Recordkeepers: Blackouts Can be Shorter

December 10, 2001 ( - As controversy continues brewing about the three-week trading blackout imposed in Enron's 401(k) plan, several prominent retirement-plan recordkeepers say such a trading ban shouldn't be necessary for longer than a week at most.

But, regardless of whether their claims about short blackouts prove overoptimistic, the recordkeepers’ attention is riveted on the goings-on over how the former giant Houston energy trader handled its plan in the days before its December 2 filing for federal bankruptcy protection.

In particular, the recordkeepers are listening to the growing chorus of calls for reform from lawmakers and regulators, as the industry representatives caution that people shouldn’t overreact to the problems in Enron’s plan.

“I think we have an unfortunate circumstance that has arisen with respect to Enron that is clearly not pervasive with the industry,” Tom Kinzler, Mass Mutual’s associate general counsel told .

Typical Blackout Lengths

Recordkeepers say the challenge of setting up an incoming plan’s account records on their computer system shouldn’t require weeks to complete because of the state of technology and general industry know-how these days.

That’s why:

  • executives at MassMutual Financial Group say they only need a 24-hour blackout in seven out of ten cases
  • officials at Principal Financial Group say they meet their goal of 24 to 72 hours for a blackout 90% of the time
  • the Vanguard Group says it can wrap things up in three to five days.

Recordkeepers typically impose a blackout on most new transactions in an incoming plan as part of a process sometimes known as a “conversion.”

That allows them to more precisely reconcile the plan’s account records from the previous recordkeeper to make sure participants end up with the correct balances, that plan loans get properly transferred, etc.

However, the conduct of the prior recordkeeper represents a difficult wild card in wrapping up the process because sloppy or incomplete plan accounting records that ultimately need to be reconciled down the penny can make for a tough transition, the industry officials said. 

“We’re very dependent when we’re taking on plans as to what they (a prior recordkeeper) are handing over to us – that they’re able to do the accounting and successfully move the (plan) assets in a timely manner,” Kinzler said.

Other potential delays to lifting a blackout include:

  • a plan’s size – a plan with 100,000-plus participants can take longer to move to a new provider than one with fewer people involved.
  • complicated rules – unraveling complex vesting procedures or those governing plan loans or investments in company stock shares can drag things out.

Worker Communications Critical

The industry officials agreed that the potential for participants being unhappy because they couldn’t trade during the transition period is a sticky issue with every transition. The key to coping with it: Effective and oft-repeated communication.

“We’ve found that the best conversions are the ones where you tell people over and over again exactly what’s going to happen, when its going to happen, and what (potential plan actions) they should think about,” said Gerry Mullane, a Vanguard principal.

To better plan that communications program, Jim Cushing, a Principal client relations officer, said Principal representatives find out from the plan sponsor what “significant business events” are underway that could affect participant behavior. This might include mergers and acquisitions or layoffs, he said.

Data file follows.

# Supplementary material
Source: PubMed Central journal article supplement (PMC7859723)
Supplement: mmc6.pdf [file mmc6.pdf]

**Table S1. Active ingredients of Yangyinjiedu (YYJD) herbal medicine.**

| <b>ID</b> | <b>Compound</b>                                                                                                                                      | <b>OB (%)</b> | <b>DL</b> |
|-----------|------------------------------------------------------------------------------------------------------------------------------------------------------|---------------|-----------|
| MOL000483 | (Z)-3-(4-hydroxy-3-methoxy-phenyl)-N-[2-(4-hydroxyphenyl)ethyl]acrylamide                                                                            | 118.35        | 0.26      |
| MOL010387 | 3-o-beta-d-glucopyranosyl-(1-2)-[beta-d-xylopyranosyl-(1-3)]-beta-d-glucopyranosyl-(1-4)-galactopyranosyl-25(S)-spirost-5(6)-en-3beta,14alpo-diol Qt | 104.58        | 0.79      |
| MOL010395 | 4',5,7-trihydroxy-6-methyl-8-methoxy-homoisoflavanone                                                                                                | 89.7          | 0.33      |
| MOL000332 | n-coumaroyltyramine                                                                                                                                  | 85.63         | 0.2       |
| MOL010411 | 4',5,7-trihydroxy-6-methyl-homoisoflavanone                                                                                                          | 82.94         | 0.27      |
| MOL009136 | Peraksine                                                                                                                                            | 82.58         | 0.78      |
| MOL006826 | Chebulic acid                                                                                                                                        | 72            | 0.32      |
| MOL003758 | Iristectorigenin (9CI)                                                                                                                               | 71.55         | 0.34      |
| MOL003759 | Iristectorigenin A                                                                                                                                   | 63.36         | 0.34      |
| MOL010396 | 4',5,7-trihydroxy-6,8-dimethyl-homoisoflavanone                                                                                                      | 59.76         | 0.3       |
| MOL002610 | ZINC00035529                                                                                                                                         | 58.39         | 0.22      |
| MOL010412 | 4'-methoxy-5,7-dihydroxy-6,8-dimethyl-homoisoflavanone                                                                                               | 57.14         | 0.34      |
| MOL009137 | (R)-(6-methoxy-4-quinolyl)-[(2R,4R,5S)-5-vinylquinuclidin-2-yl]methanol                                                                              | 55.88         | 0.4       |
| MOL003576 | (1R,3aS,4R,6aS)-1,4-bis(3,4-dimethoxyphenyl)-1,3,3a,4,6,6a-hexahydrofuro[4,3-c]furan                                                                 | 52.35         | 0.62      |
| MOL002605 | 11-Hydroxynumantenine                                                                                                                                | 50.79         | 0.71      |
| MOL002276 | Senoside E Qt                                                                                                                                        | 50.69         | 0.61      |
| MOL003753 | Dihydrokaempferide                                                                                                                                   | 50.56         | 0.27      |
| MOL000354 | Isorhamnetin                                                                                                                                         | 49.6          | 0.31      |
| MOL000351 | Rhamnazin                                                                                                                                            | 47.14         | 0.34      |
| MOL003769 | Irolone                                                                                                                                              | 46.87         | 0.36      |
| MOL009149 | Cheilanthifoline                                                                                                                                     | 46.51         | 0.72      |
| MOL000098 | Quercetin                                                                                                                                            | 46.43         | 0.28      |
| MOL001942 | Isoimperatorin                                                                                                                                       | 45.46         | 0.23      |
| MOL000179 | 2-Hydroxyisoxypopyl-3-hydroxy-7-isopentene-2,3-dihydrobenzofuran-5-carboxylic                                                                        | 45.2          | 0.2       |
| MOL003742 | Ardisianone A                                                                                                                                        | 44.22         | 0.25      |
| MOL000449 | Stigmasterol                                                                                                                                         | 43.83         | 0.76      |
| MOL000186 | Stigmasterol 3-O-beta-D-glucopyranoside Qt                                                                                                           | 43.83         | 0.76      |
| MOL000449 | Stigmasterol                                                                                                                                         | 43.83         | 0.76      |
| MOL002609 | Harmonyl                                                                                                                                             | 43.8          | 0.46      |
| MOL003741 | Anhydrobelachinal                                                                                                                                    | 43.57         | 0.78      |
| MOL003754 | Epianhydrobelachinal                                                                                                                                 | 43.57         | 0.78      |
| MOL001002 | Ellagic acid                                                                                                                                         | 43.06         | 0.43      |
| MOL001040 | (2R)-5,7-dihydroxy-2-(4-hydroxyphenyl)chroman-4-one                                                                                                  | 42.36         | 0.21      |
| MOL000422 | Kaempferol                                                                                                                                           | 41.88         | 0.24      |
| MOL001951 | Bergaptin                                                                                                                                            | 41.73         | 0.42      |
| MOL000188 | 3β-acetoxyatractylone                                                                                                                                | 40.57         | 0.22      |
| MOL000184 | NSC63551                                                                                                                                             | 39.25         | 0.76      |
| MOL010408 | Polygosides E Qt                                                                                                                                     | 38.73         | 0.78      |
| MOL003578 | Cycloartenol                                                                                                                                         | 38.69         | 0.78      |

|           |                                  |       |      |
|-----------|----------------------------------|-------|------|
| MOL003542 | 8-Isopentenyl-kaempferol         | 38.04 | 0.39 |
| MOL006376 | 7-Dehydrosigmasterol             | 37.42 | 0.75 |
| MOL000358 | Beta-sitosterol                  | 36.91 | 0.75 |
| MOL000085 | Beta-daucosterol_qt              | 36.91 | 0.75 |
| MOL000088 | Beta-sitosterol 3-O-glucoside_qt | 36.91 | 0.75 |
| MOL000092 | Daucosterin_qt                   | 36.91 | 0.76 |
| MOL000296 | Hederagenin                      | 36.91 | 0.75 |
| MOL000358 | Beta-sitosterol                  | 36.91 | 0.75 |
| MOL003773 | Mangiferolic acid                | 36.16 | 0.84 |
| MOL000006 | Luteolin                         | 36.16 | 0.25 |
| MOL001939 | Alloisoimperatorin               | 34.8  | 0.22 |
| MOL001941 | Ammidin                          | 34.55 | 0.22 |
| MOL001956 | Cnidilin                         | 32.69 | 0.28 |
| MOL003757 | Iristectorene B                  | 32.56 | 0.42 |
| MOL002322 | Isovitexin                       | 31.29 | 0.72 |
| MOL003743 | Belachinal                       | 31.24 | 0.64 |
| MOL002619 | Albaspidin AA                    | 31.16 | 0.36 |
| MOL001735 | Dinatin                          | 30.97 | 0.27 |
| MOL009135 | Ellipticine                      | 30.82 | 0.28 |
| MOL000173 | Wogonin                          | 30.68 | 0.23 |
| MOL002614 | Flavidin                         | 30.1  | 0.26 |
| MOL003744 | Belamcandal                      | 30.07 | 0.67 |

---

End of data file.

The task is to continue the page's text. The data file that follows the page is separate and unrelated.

And, while they’re communicating about the upcoming blackout, Mullane said Vanguard representatives remind participants about investing basics such as the importance of a diversified portfolio.

“If you’ve told people upfront that you can exchange money in or out (of a plan’s fund options) and if (a participant) is in a non-diversified investment, (Tell them) ‘Gee, you may want to look at that and move the money into a more balanced portfolio’,” Mullane said.

The new recordkeeper can also take the opportunity to urge non-participants to join the plan and those with anemic savings programs to set aside more for retirement, he said.

We’re From the Government…

Even with the many reported problems with Enron’s 401(k) plan, the industry representatives said the secret to dealing with problem plan conversions over the long term isn’t likely to be found in the halls of Congress, state legislatures, or even with regulators.

And there has been no shortage of threatened outside intervention in recent weeks, including:

Massachusetts Secretary of State William Galvin became the first state-level official to suggest that companies couldn’t keep retirement plan participants from selling company stock shares.

Sen. Barbara Boxer, (D-California) charged that Enron broke the law when it kept participants from selling their company stock shares.

Industry Fixes to Industry Problems

Rather than wait for potential legislative or regulatory changes, industry officials said needed reforms are likely to come from the retirement plan providers themselves.

For example, because of Enron, recordkeepers are now likely to focus more than ever before on making their conversions as short as possible.

“It’s going to force providers to look a their own processes,” said Jim Cushing, a Principal client relations officer. “I think it’s going to force providers to look at their own systems to see how quickly they can get the data and the money out of their shop (to the new recordkeeper).”

Finally, recordkeepers and plan sponsors will recognize even more than before how critical communications is to a smooth process.

“I think the most likely scenario that people will increase the amount of participant education that gets done,” said Vanguard’s Mullane. “That will be one of the positive outcomes of this.”

– Fred Schneyer